Every Council meeting begins with an acknowledgement that the meeting is taking place on land that once was the home of the Tribe. In addition the city now designates the second Monday in October as Indigenous Peoples Day and the months of October and November as Native American Heritage months. The city also now recognizes Black History Month in February and Junteenth as an official holiday.
Working with an ad hoc committee, Kuhn led the move to restore the name txʷaalqəł to what had been known as Austin Estuary. It means “place where game exists” in the Lushootseed language.
Signage has been updated in Austin and Donkey Creek parks to reflect the new name and two solar-powered voice boxes have been installed in Austin Park to help non-native speakers learn the meaning and pronunciation of the Lushootseed words and to provide some history of the estuary.
Signage was also added to five concrete pylons in Austin Park and near the history museum telling the story of the sx̌ʷəbabš and of the Puyallup Tribe. And in 2022, “Our Fisherman – Our Guardian” will be installed in Austin Park honoring the Tribe. The sculpture was carved by Guy Capoeman, president of the Quinault Tribe, and funded by the Kiwanis Foundation, the Puyallup Tribe and the city’s arts commission.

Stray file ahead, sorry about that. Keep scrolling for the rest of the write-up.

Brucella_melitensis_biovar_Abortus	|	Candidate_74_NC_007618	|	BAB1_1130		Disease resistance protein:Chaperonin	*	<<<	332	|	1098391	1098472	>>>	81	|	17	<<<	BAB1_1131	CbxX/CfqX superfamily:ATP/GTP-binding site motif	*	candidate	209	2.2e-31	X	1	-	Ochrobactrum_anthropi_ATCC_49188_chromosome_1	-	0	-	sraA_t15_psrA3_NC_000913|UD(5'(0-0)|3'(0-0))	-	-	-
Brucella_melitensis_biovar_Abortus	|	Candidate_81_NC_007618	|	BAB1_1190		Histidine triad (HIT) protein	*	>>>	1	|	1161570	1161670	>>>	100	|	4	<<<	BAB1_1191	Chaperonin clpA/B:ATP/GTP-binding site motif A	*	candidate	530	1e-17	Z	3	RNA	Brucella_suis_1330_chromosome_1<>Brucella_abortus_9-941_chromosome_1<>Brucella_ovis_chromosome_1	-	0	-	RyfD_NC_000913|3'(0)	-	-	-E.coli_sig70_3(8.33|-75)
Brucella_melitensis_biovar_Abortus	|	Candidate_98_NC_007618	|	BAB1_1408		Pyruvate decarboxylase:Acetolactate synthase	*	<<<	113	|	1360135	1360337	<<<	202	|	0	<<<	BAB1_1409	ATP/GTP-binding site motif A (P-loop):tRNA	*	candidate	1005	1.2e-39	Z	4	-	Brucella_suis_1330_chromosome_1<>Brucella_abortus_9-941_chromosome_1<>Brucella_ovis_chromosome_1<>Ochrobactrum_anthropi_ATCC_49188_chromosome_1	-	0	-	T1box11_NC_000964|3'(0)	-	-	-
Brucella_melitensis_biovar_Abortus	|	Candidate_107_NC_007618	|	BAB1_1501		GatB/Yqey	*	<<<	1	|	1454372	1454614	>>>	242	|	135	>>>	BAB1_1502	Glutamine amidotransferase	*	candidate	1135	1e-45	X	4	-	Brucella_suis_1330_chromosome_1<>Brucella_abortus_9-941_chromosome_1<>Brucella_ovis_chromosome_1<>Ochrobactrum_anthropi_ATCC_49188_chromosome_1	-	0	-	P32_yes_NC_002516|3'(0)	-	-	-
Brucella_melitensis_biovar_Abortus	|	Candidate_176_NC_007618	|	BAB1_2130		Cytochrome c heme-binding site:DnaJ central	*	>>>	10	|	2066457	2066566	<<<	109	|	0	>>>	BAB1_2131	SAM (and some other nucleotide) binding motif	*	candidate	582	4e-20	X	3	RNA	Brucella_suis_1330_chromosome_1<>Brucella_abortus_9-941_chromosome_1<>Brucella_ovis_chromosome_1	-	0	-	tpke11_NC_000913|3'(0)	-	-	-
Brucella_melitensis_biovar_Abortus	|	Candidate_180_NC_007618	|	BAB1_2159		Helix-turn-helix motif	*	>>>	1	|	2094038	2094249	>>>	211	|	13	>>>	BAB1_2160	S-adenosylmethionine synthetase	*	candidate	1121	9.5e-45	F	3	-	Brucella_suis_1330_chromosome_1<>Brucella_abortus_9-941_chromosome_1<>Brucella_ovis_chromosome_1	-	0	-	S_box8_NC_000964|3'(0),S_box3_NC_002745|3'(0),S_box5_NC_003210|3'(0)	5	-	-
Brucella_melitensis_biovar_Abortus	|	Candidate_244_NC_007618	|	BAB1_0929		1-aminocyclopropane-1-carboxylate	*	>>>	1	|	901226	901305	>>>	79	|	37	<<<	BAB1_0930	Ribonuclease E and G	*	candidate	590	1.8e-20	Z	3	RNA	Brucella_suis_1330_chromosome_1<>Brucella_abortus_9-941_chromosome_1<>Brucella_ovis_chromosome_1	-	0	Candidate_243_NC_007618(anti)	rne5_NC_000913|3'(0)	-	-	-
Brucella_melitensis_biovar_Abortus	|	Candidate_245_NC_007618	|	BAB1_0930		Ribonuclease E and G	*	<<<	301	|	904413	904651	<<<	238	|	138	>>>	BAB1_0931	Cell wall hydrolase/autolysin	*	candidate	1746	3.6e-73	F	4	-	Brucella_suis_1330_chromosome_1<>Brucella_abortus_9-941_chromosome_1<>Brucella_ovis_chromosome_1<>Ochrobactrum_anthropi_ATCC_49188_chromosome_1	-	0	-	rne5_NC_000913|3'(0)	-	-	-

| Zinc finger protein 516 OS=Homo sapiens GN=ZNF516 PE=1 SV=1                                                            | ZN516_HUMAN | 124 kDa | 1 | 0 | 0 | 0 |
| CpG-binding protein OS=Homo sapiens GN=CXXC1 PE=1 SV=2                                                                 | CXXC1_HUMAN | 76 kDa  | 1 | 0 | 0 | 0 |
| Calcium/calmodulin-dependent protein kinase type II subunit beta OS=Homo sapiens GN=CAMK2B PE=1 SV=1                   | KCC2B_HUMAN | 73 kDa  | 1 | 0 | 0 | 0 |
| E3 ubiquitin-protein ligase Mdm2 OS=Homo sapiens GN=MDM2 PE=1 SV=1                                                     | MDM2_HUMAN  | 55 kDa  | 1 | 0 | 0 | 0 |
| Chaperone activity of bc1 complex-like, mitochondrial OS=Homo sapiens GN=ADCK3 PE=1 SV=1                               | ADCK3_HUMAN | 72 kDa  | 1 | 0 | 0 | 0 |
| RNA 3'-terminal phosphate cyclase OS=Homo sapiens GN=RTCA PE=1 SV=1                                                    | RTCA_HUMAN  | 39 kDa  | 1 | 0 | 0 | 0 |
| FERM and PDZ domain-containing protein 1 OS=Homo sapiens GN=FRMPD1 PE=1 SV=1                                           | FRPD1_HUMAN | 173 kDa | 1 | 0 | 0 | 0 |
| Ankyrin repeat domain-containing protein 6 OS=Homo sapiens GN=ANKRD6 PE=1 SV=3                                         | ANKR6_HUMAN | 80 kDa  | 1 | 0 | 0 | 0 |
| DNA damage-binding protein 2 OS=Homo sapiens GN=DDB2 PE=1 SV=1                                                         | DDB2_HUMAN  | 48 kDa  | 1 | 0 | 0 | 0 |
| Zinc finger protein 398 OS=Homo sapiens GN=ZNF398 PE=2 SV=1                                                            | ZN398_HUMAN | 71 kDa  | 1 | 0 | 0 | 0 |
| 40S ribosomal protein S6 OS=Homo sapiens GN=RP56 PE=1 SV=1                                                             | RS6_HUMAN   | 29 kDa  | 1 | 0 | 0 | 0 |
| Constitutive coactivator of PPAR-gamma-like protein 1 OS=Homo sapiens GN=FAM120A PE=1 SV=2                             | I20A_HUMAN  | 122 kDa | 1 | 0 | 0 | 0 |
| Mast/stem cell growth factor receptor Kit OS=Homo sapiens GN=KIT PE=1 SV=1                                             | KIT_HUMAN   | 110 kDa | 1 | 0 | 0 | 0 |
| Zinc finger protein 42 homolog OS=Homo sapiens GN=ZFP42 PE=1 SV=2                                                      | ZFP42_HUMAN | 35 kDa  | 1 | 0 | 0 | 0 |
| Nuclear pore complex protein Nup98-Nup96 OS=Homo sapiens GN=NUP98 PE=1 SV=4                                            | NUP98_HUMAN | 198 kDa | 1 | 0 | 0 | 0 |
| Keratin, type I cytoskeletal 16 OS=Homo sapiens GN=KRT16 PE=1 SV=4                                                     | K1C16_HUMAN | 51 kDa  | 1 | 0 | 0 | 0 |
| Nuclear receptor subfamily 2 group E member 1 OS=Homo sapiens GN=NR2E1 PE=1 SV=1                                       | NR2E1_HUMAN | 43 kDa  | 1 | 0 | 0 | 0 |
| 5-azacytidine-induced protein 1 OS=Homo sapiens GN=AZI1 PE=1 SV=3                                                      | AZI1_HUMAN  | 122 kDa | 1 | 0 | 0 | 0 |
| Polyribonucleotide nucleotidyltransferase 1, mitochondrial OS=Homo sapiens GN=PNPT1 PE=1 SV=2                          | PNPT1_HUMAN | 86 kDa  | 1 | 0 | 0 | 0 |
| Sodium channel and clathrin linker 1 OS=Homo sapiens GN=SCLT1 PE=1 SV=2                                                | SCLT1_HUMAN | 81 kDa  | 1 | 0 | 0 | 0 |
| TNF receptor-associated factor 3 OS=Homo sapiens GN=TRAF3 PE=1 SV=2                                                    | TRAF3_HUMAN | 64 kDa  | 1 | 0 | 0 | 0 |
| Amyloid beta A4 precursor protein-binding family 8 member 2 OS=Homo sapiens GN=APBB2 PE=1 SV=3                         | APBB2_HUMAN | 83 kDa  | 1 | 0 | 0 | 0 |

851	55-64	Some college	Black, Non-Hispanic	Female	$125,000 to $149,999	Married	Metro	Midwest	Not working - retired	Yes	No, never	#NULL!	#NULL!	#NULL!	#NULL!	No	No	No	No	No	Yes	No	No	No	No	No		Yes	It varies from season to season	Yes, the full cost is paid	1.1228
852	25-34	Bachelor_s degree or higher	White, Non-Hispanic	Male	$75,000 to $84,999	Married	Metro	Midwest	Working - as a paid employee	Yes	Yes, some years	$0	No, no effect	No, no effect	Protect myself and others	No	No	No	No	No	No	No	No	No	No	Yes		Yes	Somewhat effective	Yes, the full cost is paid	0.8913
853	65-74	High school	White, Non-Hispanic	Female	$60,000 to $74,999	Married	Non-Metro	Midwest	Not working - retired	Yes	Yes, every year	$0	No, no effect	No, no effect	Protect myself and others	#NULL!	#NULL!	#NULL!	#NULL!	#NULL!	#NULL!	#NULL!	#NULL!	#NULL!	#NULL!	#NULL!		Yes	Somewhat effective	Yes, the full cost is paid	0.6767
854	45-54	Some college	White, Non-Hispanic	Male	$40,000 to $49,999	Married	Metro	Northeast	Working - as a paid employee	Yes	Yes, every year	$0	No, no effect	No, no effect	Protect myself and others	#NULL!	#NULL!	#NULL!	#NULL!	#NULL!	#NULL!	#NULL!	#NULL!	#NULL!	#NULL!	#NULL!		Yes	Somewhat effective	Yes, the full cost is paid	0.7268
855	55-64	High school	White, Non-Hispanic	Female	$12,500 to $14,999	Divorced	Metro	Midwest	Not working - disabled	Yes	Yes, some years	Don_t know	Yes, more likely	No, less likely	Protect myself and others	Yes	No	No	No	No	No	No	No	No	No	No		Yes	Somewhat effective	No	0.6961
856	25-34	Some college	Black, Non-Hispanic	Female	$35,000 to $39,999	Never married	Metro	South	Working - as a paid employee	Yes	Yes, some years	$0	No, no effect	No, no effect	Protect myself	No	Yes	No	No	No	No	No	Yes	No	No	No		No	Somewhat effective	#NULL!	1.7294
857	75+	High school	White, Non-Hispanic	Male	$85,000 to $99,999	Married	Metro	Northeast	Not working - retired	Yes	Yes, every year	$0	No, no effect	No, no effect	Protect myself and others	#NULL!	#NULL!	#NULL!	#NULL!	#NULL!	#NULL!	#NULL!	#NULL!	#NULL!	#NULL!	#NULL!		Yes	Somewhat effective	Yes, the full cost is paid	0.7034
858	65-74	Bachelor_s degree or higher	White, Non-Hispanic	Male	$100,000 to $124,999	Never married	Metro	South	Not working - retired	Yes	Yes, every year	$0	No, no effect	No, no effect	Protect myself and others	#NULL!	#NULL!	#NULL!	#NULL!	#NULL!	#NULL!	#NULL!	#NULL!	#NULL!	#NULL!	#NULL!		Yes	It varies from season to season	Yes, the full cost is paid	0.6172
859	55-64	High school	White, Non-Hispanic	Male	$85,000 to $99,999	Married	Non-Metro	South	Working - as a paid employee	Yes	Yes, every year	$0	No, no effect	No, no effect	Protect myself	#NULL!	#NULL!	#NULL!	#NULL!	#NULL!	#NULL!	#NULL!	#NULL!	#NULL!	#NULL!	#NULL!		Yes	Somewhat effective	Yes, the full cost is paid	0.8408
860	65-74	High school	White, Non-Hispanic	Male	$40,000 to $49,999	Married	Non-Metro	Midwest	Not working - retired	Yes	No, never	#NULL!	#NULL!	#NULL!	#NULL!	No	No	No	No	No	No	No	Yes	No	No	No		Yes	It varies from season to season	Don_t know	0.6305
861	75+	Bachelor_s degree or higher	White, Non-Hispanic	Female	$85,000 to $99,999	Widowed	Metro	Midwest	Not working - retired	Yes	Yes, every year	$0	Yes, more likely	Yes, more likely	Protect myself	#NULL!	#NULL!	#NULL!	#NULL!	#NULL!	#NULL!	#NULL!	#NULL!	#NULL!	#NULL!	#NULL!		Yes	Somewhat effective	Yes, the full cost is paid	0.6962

The city purchased 11.5 acres of forested land north of the estuary, along North Creek, to be preserved intact. The land has historic significance to the Tribe as it was part of its original village. An offer has also been made to buy another piece of forested land adjacent to the North Creek Heritage area.
In a gesture of friendship, at a public reception before the Council meeting, Tribal Councilmember Anna Bean; Amber Hayward, director of the Tribal Language Program and 6-year-old tribal member Zoe Keating presented Kuhn with a blanket. Bean explained that blankets are the Tribe’s traditional way of honoring people for special deeds, and thanked Kuhn for his work in establishing a strong relationship with it. Zoe is the daughter of Jennifer Keating, planning director and assistant historic preservation officer for the Tribe. Bean and Keating are Gig Harbor residents.